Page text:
The Trustworthy Sayings do not appear in the same order as they are in the Pastoral Epistles, but rather are placed so that one saying builds upon the next. First Timothy 1:15 (Chapter 2) addresses soteriological views in Southern Baptist history. First Timothy 4:8-10 (Chapter 3) considers the role of doctrinal preaching in discipling church members who will be devoted followers of Jesus Christ. Chapter 4 considers Titus 3:4-8 and how believers who are devoted to God will also be devoted to good works which honor God. Second Timothy 2:11-13 (Chapter 5) speaks of God’s faithfulness and the hope which His faithfulness provides for the local church. First Timothy 3:1 (Chapter 6) addresses the character of the called and considers the qualifications of a senior pastor.
The project concludes (Chapter 7) with a charge to the pulpit and the local church which, if implemented, will help protect the local church from suffering from doctrinal drift. Three recommendations for steering straight are provided.


William W. Eckert D.Min.

Eckert, William W., MAPS, DMin, Aquinas Institute of Theology, Saint Louis, Missouri, 2021.
Chapter One begins to address an issue with preaching that does not fully integrate the experiences of the community with the Word of God. The chapter covers a brief overview of liturgical preaching, the problem with creating grounded preaching, and the unique qualities of deacons as liturgical preachers in addressing this problem with the guidance of theological reflection.

Chapter Two introduces theological reflection as practical theology and a preaching preparation tool that encourages a dialogue between human experience and Church Traditions (Sacred Scripture, liturgy, beliefs, and teachings).

Chapter Three offers adult education and curriculum development to teach theological reflection as an effective tool of preaching preparation.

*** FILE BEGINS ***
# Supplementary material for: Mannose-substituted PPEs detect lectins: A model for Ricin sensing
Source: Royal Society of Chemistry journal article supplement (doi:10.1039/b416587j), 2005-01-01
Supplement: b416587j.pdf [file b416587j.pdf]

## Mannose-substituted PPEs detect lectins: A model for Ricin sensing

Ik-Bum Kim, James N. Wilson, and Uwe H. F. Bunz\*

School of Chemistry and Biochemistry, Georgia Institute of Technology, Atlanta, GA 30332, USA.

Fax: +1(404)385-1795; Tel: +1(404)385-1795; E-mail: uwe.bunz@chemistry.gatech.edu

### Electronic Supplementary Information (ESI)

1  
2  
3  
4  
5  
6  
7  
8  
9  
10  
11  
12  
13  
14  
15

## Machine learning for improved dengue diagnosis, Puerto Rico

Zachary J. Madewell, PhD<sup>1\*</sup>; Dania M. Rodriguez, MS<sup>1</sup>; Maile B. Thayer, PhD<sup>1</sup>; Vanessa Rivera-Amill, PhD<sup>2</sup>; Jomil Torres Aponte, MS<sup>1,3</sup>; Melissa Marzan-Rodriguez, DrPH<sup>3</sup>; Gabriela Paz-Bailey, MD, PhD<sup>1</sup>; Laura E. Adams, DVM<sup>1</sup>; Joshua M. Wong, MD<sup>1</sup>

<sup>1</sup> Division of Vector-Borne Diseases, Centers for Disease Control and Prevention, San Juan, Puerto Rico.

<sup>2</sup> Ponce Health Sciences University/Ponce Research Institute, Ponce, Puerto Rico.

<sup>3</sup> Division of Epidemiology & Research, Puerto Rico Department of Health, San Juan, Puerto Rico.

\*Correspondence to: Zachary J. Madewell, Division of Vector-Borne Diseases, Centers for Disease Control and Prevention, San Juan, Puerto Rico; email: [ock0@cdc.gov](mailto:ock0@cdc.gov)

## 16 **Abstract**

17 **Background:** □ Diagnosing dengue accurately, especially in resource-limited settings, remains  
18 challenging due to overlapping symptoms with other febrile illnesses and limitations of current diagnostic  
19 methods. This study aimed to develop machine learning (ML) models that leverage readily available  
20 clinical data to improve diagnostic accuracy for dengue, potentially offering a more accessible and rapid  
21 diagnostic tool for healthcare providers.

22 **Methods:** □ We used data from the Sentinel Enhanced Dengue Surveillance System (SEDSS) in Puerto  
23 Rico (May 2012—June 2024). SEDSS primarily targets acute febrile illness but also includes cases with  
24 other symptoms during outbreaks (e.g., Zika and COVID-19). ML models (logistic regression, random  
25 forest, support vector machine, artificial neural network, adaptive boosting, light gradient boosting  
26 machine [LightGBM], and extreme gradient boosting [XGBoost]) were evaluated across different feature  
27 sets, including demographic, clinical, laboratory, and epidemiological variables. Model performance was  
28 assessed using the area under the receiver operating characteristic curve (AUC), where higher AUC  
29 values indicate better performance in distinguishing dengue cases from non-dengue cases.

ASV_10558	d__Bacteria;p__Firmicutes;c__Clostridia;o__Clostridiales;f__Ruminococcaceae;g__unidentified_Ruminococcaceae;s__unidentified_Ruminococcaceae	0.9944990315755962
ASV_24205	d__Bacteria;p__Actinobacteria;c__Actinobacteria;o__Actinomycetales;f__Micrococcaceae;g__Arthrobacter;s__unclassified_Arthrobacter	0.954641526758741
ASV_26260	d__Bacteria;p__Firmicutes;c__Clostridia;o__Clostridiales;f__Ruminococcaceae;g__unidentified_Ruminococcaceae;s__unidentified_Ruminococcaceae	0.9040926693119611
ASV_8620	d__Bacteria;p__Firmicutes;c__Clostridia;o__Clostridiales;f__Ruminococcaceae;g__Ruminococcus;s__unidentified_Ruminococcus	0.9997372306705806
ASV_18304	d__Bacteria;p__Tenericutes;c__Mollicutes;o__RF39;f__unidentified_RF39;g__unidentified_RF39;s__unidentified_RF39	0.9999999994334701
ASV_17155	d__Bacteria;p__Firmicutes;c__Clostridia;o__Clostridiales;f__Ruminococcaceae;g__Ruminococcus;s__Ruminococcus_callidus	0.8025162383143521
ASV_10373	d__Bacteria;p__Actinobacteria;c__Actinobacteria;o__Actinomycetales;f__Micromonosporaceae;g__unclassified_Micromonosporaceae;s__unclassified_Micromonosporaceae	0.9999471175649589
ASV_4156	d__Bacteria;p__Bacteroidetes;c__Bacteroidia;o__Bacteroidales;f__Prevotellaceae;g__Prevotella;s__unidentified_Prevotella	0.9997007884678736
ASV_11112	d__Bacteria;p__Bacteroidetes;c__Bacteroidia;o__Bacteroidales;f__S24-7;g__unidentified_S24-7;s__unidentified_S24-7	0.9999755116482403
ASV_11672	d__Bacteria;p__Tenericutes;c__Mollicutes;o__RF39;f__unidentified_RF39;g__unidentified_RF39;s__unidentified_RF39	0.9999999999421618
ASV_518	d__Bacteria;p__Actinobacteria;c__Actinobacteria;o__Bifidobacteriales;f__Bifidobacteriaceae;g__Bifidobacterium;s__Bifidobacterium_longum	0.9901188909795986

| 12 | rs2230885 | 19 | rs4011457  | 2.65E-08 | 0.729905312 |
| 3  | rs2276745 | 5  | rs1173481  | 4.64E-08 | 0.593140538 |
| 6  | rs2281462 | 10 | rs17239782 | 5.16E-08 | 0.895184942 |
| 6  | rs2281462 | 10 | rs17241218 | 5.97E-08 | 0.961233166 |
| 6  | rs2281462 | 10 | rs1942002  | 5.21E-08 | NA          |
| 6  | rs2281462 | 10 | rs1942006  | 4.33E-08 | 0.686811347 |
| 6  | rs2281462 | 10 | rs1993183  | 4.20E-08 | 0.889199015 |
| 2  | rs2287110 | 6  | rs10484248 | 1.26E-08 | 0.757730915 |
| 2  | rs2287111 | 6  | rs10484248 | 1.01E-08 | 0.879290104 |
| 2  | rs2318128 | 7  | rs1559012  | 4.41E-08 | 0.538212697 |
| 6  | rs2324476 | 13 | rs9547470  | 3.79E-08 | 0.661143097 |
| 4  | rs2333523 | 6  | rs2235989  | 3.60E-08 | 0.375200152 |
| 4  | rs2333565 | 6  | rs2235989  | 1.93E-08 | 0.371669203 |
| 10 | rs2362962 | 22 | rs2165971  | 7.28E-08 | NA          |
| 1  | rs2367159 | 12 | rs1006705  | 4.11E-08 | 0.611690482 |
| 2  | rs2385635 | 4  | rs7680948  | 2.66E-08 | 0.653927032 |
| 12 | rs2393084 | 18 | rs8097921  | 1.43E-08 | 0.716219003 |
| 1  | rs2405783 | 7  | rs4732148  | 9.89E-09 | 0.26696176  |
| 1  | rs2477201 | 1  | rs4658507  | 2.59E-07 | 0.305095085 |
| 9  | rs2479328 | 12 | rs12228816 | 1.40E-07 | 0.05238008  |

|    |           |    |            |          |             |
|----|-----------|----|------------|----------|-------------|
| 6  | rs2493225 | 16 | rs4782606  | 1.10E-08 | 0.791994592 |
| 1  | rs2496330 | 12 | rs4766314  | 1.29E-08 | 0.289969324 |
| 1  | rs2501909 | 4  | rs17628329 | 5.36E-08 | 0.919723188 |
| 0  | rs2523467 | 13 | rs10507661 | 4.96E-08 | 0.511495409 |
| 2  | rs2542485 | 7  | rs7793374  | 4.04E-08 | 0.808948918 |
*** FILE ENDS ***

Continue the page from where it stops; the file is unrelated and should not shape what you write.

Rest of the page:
Chapter Four explores the current state of preaching within the Archdiocese of Seattle. It includes a summary of conversations with the homiletics and theological reflection instructors in the current deacon formation program. Then, the chapter presents the heart of the project: creating a new unit for the homiletics curriculum in the deacon formation program in collaboration with a small cohort of diocesan deacons.

Chapter Five presents the final version of the new unit for the homiletics program, which was presented to the Archdiocese of Seattle (the Vicar of Clergy, the Director of the Deacon Formation Program, and the homiletics instructor).


Deborah Ruth Zeni MD D.Min.
This thesis research work on best practices of preaching arose out of the researcher’s passion for providing catechists with the means of nurturing a ‘falling-in-love’ with God experience for young children through proclaiming gospel as encounter.
Based on evidence that catechists lack formation in best practices of preaching, the researcher designed and implemented an educational initiative in a multi-site, multi-participant intensive formation program. The researcher used a homiletic grounded in the Paschal Mystery, which located God’s gratuitous and gracious actions on humanity’s behalf as the focus of preaching—giving gospel-power—to any form of preaching carried out during the study.
Within a unique form of pastoral ministry called the Catechesis of the Good Shepherd (CGS), employing a qualitative methodology, a constructivist epistemology, and a field-based action research design, the researcher effectively utilized various educational approaches to develop and assess participant competence in preaching using a comprehensive assessment program, and iteratively improving their learning and teaching preaching praxis using program evaluation tools.
The research shows that the curriculum successfully demonstrated that the comprehensive preaching model, which integrated five best practices of preaching for proclaiming the Word with children into the study’s conceptual framework, worked to develop the competence of catechists as preachers of the Good News. Additionally, the research showed that the intervention enabled and empowered the participants to find their preaching voice to speak of God acting mercifully, giving everything, loving unconditionally in the here and now as they experienced God doing in the scriptures.
As such, five best practices of preaching can be used as an effective framework for formation of catechists and educators for teaching preaching as encounter with children and sharing in a happening of grace through the proclamation of the Word.